We walked along the boardwalk and beaches, and saw dolphins along the coast. We went to cool coffee (and tea) shops and tried amazing restaurants. She showed me her favourite secret gardens, where we ate grapes and figs and blackberries, and her favourite parks, where I got excited about squirrels (you’ll understand if you’re from NZ or Hawai’i) and butterflies and plants.

We identified flowers in her wildflower garden, and I made friends with her cats. We went op-shopping and vintage shopping (my bank account and luggage allowance are grateful I didn’t buy that 1940s silk damask, but my heart is still sad…). We discovered that we’re still as excited about the same clothes as we were when we were teenagers – although we’re much more amicable about borrowing from each other’s closet now!

Along the lines of closet borrowing, we played dress up. We’ve been doing it since we were kids: she’s the very first person who put me in a costume. This time we got to trade dress ups: she wore my 1790s red-spencer outfit, and I wore a vintage dress from her collection.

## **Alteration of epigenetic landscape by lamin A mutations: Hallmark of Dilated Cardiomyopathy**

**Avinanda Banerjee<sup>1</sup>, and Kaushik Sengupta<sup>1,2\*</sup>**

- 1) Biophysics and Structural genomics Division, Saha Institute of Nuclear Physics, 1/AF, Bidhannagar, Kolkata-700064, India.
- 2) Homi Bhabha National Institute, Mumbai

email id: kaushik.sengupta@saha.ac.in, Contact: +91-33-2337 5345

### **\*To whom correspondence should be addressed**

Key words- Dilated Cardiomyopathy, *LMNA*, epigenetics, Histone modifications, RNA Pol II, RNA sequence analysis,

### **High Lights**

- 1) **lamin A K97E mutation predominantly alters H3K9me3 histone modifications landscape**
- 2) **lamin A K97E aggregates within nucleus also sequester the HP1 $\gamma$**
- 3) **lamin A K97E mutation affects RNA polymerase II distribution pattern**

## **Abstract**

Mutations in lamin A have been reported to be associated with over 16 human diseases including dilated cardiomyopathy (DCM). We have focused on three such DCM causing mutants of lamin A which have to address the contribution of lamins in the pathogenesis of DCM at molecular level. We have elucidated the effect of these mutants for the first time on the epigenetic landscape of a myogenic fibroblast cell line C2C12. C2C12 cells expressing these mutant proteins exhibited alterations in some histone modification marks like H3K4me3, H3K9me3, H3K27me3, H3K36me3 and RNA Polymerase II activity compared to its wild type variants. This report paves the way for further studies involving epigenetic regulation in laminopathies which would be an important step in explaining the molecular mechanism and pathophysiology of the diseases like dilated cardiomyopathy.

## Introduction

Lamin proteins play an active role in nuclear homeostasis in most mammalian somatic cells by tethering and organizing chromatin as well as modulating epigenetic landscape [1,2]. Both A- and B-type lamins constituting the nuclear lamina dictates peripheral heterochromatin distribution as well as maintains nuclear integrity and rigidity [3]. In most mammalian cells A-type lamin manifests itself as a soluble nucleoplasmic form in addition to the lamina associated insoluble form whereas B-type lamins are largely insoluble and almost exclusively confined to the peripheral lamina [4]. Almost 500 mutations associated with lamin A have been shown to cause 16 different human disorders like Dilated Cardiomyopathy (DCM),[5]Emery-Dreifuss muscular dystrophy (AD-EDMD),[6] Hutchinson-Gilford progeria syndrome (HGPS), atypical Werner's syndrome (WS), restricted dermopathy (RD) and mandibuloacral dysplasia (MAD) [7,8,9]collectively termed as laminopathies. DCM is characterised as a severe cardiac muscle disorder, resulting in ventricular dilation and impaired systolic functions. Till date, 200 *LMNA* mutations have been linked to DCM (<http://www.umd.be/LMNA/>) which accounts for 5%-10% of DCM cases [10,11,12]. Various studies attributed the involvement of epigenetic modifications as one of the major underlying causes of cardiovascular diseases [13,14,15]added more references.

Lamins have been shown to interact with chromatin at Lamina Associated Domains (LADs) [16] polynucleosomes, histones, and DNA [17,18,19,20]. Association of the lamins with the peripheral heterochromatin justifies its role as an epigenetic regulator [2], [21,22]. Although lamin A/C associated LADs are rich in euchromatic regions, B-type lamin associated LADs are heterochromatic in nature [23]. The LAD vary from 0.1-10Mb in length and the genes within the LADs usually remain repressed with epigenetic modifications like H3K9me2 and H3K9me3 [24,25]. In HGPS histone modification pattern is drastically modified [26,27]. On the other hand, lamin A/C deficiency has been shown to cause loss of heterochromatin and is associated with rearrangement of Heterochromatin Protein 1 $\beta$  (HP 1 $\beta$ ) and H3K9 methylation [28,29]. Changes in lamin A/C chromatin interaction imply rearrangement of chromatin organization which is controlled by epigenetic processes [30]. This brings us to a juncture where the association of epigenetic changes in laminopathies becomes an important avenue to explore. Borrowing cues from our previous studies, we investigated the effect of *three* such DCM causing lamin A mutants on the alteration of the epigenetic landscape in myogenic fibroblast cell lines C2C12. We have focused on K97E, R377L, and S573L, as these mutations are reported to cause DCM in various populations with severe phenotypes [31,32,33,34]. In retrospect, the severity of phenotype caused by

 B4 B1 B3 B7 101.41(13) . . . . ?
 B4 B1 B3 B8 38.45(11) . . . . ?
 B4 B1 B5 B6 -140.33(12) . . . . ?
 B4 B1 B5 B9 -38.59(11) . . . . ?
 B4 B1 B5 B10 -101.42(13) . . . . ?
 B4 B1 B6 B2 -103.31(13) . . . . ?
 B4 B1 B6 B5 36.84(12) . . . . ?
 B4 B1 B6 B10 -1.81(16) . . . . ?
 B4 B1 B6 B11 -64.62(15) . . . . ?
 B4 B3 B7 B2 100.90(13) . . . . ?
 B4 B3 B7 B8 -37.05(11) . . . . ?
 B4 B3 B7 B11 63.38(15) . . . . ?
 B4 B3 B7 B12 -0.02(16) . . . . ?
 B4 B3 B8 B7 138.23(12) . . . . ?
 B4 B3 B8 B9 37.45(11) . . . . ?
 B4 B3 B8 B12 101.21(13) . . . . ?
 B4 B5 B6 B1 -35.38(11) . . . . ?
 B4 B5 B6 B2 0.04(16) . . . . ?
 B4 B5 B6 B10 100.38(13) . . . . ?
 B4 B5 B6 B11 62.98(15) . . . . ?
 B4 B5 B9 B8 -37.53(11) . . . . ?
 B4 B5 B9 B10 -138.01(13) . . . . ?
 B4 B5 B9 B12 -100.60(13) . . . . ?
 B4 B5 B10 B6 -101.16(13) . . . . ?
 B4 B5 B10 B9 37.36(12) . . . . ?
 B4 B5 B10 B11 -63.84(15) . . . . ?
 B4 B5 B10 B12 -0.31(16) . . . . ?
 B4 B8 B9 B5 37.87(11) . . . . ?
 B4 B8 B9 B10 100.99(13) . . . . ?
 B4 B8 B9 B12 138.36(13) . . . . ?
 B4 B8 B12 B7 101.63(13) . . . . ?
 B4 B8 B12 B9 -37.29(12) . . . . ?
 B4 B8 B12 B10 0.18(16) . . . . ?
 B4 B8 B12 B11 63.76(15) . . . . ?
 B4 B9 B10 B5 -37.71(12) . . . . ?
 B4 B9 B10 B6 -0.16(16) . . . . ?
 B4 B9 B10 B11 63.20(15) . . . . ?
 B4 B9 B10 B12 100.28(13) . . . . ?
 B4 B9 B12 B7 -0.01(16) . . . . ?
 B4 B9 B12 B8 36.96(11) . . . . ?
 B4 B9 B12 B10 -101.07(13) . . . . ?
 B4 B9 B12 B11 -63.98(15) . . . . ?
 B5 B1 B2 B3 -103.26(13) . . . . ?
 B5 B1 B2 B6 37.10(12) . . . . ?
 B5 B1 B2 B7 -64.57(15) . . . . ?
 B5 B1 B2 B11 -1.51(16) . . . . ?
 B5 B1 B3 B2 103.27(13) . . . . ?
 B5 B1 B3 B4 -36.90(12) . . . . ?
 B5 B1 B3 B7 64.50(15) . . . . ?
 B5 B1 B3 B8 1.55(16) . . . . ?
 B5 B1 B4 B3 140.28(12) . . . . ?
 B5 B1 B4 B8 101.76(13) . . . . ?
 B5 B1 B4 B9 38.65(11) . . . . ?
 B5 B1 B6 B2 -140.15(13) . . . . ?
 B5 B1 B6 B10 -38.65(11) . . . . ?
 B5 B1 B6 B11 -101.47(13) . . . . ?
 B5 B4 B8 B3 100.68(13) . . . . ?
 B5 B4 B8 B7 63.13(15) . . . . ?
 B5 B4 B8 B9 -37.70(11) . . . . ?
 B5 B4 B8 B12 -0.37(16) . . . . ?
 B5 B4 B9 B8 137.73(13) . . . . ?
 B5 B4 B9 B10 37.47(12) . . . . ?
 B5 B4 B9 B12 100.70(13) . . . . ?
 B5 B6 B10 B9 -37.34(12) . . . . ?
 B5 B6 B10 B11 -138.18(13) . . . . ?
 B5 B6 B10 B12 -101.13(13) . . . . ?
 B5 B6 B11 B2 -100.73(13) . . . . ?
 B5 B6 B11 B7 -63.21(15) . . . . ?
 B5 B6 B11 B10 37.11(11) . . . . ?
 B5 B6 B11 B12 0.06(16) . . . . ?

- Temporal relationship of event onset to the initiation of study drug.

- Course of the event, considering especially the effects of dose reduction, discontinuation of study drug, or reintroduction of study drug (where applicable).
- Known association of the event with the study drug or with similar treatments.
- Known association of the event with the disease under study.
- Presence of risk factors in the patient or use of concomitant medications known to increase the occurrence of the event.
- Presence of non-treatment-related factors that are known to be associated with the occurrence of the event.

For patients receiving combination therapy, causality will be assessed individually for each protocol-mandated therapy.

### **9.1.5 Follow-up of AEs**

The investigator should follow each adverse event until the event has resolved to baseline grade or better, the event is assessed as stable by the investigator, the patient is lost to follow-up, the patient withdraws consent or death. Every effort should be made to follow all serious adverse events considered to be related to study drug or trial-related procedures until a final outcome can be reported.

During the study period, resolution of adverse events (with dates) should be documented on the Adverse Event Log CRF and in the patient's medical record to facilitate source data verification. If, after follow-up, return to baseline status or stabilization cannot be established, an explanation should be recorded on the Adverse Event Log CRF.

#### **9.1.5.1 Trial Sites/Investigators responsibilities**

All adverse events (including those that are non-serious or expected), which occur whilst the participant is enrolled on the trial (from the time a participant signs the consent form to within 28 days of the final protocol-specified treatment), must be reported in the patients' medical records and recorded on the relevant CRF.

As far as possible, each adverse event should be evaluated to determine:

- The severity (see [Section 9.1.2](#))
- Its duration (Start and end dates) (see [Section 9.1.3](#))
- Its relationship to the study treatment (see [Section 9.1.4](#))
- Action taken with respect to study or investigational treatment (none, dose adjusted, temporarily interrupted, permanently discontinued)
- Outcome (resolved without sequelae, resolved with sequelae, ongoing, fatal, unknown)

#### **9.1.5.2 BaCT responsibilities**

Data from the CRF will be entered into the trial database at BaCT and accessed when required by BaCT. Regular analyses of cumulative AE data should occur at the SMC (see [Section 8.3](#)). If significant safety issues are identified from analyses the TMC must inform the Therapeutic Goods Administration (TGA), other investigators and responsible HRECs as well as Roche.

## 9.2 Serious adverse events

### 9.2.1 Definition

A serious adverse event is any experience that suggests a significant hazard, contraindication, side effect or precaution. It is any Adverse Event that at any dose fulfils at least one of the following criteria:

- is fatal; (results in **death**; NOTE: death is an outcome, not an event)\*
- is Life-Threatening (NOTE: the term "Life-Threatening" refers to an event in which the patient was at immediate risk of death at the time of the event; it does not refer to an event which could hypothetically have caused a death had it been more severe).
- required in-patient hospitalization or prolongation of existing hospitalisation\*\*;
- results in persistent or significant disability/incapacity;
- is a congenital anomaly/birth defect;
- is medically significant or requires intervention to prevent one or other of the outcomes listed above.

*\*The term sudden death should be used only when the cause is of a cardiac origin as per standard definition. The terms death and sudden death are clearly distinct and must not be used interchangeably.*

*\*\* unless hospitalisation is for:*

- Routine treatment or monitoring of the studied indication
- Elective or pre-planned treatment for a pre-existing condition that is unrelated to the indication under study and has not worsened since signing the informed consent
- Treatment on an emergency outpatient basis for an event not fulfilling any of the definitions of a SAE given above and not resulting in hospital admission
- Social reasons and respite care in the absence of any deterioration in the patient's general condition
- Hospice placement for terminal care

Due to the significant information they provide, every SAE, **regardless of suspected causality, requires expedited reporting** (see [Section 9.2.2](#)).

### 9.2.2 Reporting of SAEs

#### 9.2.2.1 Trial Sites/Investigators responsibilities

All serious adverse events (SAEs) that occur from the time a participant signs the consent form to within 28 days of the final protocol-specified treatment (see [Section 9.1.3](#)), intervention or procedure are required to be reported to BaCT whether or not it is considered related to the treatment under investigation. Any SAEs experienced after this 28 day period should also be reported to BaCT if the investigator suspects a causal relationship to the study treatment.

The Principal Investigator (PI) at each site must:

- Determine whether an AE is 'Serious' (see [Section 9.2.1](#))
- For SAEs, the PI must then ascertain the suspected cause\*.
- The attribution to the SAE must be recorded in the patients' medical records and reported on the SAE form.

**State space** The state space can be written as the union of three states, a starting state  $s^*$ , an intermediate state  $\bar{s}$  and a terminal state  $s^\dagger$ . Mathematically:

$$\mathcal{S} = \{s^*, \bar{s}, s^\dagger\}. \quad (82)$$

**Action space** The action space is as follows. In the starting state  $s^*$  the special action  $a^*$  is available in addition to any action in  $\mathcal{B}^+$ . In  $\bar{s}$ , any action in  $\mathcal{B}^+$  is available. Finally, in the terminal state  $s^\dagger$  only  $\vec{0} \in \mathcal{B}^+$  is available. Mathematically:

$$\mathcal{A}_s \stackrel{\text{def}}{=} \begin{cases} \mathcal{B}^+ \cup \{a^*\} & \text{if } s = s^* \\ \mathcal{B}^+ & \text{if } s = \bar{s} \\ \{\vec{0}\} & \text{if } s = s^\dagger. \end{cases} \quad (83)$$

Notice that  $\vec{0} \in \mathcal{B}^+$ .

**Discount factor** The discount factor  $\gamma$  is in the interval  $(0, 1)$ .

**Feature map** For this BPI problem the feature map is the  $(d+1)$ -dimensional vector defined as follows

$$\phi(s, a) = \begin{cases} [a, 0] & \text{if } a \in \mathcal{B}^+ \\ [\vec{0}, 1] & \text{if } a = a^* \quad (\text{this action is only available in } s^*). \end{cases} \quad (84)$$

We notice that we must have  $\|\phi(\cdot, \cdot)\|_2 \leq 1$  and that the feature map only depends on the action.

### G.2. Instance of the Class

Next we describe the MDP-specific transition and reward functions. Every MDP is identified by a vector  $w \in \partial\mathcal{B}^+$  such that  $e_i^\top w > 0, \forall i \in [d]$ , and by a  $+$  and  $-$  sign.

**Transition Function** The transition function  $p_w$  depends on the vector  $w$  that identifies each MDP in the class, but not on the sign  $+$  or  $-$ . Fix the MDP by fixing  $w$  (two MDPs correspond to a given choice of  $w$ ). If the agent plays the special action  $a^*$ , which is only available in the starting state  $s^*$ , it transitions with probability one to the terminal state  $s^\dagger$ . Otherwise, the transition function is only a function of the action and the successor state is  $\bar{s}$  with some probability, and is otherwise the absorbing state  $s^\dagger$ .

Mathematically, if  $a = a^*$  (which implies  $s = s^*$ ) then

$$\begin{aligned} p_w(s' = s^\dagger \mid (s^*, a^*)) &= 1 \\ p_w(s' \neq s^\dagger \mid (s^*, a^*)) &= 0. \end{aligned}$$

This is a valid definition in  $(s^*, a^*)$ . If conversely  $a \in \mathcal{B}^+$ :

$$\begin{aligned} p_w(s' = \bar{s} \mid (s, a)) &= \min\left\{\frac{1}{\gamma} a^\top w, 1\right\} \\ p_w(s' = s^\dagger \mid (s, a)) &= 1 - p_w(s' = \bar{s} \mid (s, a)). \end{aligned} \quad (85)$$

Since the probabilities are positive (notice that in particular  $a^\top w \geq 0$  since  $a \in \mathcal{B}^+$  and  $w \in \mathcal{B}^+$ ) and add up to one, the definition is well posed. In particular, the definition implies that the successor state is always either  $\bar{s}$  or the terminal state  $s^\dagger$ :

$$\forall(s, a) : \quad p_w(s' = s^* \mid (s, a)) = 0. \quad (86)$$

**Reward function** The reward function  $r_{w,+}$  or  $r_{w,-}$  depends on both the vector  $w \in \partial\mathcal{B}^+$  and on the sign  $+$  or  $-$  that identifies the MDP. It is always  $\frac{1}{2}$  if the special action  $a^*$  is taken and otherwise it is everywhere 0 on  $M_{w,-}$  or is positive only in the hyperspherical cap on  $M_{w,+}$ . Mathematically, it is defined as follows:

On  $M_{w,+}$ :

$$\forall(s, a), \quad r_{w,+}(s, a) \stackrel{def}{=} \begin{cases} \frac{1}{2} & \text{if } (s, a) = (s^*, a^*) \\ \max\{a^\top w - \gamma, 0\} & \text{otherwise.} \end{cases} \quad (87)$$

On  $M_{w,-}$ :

Since she has short purple hair, we needed to cover it with something a little more substantial than my Janeway tiara. So she made use of her fabric stash and the ostrich feather I wore for the Saturday Night Gala, and whipped up a turban.

We went up to the Santa Barbara Mission, and had an absolutely wonderful time, and took far too many gorgeous photos. Here are some of my favourites:

1790s costume at the Santa Barbara Missson, thedreamstress.com
1790s costume at the Santa Barbara Missson, thedreamstress.com
1790s costume at the Santa Barbara Missson, thedreamstress.com
1790s costume at the Santa Barbara Missson, thedreamstress.com
1790s costume at the Santa Barbara Missson, thedreamstress.com
1790s costume at the Santa Barbara Missson, thedreamstress.com
Vintage dress ups at the Santa Barbara Missson, thedreamstress.com
1790s costume at the Santa Barbara Missson, thedreamstress.com
1790s costume at the Santa Barbara Missson, thedreamstress.com
1790s costume at the Santa Barbara Missson, thedreamstress.com
1790s costume at the Santa Barbara Missson, thedreamstress.com
1790s costume at the Santa Barbara Missson, thedreamstress.com
1790s costume at the Santa Barbara Missson, thedreamstress.com
Evening ensemble, Elsa Schiaparelli, summer 1940; silk, metal, wool; French. The Metropolitan Museum of Art 2009.300.3165a,b. (1)

Rate the Dress: Schiaparelli Stripes

Sorry for another run of Rate-the-Dresses in a row, with no posts between them. Unfortunately I’m down with a cold, so haven’t been up to much else.

Last Week: a late 1880s evening dress